Pober will utilize the $350,000 grant over three years — and he will be eligible for another three-year grant of up to $500,000. The funding will help advance the concept of the radio telescope, simulating and designing an array of thousands of radio telescopes on the far side of the moon, shielded from the radio noise produced on earth.

To actually do the science we want, we’ll need to have hundreds of thousands of radio antennas on the far side of the moon.

Jonathan Pober Assistant Professor of Physics
Jonathan Pober

While there is no formal NASA mission, the federal agency has committed to exploring the novel antenna array, referred to as “FarView” — and previously called the “Cosmic Dawn Mapper.”

“A lunar radio array … could give extraordinarily precise measurements of the early structure of the universe because the sea of neutral hydrogen from which protogalaxies formed can be directly imaged using radio waves,” reads the “NASA Astrophysics in the Next Three Decades” report.

“It’s an ambitious project,” Pober said. “This grant is just for simulation and design of a future experiment that could be on the far side of the moon.”

The ultra-long-wavelength radio telescope will need to be gigantic in order to be sensitive to long radio wavelengths. The siting on the far side of the moon would have additional advantages over earth-based telescopes by blocking noise from earth-orbiting satellites, the ionosphere, and the sun’s noise during the solar night.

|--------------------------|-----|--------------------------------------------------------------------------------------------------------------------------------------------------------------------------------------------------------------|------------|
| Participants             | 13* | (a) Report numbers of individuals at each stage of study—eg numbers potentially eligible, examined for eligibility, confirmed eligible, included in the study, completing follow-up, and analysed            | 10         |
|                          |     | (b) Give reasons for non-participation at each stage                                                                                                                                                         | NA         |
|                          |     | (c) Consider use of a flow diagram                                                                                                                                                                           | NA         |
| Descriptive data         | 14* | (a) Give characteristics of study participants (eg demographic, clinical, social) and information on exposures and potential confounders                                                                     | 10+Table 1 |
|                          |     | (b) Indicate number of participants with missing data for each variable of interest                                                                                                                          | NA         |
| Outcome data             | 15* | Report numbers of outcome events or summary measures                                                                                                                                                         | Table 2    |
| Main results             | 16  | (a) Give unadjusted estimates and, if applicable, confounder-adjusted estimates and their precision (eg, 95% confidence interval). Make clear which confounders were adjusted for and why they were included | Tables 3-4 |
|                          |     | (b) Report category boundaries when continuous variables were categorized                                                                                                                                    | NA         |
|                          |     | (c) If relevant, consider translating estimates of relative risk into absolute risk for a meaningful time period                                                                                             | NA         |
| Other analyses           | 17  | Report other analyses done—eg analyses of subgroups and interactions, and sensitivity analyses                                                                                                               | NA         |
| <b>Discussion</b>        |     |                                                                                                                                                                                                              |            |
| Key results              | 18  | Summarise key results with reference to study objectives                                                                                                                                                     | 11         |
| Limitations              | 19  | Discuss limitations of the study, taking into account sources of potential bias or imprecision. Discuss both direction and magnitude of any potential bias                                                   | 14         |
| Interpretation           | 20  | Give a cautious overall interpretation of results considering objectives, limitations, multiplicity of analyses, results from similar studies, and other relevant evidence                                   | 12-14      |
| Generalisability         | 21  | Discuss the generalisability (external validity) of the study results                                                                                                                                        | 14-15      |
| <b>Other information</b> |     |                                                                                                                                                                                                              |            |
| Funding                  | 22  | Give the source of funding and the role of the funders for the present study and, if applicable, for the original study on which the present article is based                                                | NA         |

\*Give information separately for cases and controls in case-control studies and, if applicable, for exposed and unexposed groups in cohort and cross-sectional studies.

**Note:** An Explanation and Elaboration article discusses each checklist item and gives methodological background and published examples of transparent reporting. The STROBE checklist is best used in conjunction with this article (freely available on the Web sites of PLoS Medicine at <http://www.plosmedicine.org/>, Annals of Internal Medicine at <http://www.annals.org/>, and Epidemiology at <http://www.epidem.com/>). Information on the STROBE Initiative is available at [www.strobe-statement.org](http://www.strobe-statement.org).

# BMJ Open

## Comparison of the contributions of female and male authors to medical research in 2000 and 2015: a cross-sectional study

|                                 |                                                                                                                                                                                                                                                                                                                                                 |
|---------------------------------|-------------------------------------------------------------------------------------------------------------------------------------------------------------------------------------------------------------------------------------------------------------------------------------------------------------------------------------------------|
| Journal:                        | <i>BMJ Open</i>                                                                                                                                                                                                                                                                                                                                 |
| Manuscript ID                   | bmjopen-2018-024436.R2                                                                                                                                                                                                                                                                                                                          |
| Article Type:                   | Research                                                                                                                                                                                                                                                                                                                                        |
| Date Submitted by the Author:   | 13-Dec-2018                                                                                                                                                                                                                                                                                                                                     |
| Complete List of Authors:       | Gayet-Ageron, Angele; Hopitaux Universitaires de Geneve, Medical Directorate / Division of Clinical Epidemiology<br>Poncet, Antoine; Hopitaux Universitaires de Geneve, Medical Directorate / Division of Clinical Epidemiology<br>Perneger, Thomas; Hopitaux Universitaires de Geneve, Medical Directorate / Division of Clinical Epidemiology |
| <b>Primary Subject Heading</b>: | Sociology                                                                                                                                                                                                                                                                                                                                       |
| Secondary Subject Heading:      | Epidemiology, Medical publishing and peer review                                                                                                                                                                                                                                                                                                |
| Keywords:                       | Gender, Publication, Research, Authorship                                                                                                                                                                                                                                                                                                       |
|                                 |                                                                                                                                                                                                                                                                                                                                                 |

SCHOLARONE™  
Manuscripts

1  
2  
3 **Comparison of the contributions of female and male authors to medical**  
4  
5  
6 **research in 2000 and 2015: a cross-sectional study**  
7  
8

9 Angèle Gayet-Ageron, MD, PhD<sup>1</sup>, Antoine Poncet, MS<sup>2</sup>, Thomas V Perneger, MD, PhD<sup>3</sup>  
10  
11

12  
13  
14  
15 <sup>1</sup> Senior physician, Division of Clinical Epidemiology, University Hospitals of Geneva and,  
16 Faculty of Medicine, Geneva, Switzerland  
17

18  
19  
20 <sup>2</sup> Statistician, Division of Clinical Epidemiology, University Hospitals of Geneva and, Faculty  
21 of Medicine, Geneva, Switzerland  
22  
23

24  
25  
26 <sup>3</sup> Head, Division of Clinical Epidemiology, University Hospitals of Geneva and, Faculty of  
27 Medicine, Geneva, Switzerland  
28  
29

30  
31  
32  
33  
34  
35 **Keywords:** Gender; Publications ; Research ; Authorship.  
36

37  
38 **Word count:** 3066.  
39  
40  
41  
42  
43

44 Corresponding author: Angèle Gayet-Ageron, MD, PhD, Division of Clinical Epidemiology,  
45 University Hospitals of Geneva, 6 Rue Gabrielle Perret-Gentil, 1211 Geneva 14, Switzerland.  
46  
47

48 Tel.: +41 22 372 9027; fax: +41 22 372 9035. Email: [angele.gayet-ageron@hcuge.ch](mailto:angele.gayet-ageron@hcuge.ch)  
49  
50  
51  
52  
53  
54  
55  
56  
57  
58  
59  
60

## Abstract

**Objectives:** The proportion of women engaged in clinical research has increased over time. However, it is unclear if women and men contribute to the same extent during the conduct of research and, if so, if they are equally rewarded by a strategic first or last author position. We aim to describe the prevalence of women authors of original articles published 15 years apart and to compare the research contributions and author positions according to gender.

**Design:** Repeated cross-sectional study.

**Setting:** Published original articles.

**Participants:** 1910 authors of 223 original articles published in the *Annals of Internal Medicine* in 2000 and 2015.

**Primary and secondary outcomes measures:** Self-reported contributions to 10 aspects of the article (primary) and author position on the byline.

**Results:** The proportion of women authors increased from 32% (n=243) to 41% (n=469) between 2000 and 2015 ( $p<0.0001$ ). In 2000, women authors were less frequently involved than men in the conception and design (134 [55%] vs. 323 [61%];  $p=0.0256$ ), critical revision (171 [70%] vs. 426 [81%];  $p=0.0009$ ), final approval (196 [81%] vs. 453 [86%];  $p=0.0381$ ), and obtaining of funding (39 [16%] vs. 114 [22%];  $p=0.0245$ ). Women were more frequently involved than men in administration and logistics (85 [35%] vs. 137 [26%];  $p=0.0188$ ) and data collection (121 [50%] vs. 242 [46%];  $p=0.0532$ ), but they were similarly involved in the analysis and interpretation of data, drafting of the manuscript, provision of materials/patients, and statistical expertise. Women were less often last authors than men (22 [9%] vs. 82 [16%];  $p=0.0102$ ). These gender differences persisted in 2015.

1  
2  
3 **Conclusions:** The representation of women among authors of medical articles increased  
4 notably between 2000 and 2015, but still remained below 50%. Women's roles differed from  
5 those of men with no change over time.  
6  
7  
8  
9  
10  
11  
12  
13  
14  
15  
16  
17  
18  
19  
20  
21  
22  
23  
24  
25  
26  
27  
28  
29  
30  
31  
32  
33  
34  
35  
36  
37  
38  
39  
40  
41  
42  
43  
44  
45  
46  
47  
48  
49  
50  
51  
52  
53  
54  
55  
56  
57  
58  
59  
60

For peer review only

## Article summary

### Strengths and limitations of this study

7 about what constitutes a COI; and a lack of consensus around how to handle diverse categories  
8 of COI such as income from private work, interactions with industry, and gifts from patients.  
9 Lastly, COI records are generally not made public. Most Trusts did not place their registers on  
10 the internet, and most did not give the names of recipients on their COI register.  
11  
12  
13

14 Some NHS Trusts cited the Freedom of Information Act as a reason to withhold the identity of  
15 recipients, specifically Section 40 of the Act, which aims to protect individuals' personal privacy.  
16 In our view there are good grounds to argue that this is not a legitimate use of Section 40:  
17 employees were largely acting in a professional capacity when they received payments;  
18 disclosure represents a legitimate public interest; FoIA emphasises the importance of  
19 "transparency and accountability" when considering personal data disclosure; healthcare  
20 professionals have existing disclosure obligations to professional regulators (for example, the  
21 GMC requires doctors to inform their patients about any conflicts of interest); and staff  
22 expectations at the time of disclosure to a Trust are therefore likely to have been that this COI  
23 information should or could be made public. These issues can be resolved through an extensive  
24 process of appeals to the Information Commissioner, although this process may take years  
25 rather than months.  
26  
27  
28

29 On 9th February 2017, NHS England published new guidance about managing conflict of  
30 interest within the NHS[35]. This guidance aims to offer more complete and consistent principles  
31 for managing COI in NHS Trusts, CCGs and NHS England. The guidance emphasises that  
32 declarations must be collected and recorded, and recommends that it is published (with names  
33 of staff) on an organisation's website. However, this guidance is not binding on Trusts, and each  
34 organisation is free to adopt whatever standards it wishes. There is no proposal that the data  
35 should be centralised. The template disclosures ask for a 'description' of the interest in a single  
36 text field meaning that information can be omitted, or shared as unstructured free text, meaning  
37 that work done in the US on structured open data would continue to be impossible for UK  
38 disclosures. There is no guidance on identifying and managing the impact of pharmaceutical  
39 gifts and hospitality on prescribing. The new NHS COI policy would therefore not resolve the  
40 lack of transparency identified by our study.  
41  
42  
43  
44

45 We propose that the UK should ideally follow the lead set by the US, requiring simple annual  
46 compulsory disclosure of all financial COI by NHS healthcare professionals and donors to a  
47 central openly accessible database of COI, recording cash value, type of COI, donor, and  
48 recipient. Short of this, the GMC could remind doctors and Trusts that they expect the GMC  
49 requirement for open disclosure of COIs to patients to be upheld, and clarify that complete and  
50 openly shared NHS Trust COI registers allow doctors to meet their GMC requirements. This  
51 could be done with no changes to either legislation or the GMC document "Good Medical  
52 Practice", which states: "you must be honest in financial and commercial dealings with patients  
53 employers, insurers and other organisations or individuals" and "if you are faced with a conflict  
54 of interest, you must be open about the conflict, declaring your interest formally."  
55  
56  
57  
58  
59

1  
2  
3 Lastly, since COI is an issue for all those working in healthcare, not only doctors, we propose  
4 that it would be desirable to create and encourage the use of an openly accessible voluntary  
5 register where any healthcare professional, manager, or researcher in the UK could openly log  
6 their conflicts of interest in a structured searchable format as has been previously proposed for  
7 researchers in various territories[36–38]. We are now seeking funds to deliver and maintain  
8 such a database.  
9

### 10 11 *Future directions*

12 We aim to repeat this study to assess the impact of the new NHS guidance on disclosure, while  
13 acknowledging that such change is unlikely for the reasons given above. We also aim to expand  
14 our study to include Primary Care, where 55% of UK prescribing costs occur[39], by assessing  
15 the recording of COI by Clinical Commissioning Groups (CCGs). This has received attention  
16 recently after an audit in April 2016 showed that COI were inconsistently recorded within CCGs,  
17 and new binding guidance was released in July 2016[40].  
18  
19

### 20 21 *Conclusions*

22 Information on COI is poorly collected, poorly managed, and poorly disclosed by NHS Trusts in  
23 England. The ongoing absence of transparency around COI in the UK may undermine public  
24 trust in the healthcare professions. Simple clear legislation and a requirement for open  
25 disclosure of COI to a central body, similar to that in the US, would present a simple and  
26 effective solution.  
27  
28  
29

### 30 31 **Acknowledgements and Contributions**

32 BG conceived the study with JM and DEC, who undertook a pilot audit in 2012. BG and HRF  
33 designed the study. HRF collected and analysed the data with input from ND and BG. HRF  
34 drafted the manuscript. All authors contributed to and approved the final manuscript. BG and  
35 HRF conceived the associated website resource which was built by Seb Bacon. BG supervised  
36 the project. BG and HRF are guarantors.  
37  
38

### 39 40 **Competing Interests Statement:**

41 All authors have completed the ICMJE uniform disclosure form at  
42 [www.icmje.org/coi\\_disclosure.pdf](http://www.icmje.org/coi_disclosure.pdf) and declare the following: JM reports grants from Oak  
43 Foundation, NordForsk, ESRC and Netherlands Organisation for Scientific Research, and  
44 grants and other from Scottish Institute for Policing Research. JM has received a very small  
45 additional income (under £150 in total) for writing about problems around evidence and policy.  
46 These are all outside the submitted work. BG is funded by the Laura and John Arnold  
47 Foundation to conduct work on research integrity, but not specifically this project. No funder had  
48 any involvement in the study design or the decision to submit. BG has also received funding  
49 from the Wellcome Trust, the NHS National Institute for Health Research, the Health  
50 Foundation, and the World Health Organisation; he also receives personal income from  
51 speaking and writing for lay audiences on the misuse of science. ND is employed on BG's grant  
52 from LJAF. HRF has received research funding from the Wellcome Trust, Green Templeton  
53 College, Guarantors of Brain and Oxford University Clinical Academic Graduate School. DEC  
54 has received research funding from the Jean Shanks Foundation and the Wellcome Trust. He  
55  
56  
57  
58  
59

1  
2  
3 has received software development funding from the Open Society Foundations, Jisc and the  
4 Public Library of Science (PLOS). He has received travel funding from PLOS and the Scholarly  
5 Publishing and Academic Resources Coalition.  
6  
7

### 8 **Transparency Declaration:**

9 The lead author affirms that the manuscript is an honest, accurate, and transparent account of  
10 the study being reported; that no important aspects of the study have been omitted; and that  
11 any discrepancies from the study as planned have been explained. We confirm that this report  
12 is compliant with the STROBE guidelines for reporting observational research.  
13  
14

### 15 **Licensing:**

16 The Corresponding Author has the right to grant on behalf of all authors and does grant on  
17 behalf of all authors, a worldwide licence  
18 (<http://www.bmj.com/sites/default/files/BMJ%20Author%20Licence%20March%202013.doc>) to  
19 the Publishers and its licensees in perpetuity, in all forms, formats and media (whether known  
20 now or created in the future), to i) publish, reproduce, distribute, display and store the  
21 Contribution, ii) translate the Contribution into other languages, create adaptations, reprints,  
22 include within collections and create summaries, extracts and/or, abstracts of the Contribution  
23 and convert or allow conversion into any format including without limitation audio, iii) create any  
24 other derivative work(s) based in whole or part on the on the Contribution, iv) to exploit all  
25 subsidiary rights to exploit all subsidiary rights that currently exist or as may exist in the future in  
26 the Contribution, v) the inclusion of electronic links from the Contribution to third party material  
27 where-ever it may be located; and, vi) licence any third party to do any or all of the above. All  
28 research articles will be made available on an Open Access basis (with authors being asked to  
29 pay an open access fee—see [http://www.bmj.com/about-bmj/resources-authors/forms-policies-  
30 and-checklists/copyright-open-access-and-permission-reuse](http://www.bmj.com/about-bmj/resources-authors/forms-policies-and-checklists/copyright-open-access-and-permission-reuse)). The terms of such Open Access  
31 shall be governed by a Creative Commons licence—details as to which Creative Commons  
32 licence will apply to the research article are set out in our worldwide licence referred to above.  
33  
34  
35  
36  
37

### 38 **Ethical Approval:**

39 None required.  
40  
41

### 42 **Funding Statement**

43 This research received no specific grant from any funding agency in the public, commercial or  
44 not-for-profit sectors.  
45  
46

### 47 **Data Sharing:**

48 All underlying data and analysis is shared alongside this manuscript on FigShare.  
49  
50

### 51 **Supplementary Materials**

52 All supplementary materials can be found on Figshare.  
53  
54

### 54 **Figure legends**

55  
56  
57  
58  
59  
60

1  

“The earth will be obscured; the moon will block radio and television signals,” Pober noted. “If you can get an experiment there, it’s a fantastic place to do ultra-low frequency or ultra-long wavelength radio astronomy.”

Exploring the cosmic dark ages

The cosmic dark ages began approximately 400,000 years following the Big Bang, when the universe cooled enough to form neutral hydrogen and helium atoms. During this period, which ended when protogalaxies produced enough light to ionize the universe about a billion years after the Big Bang, the universe was enveloped by a fog of neutral hydrogen that trapped all light.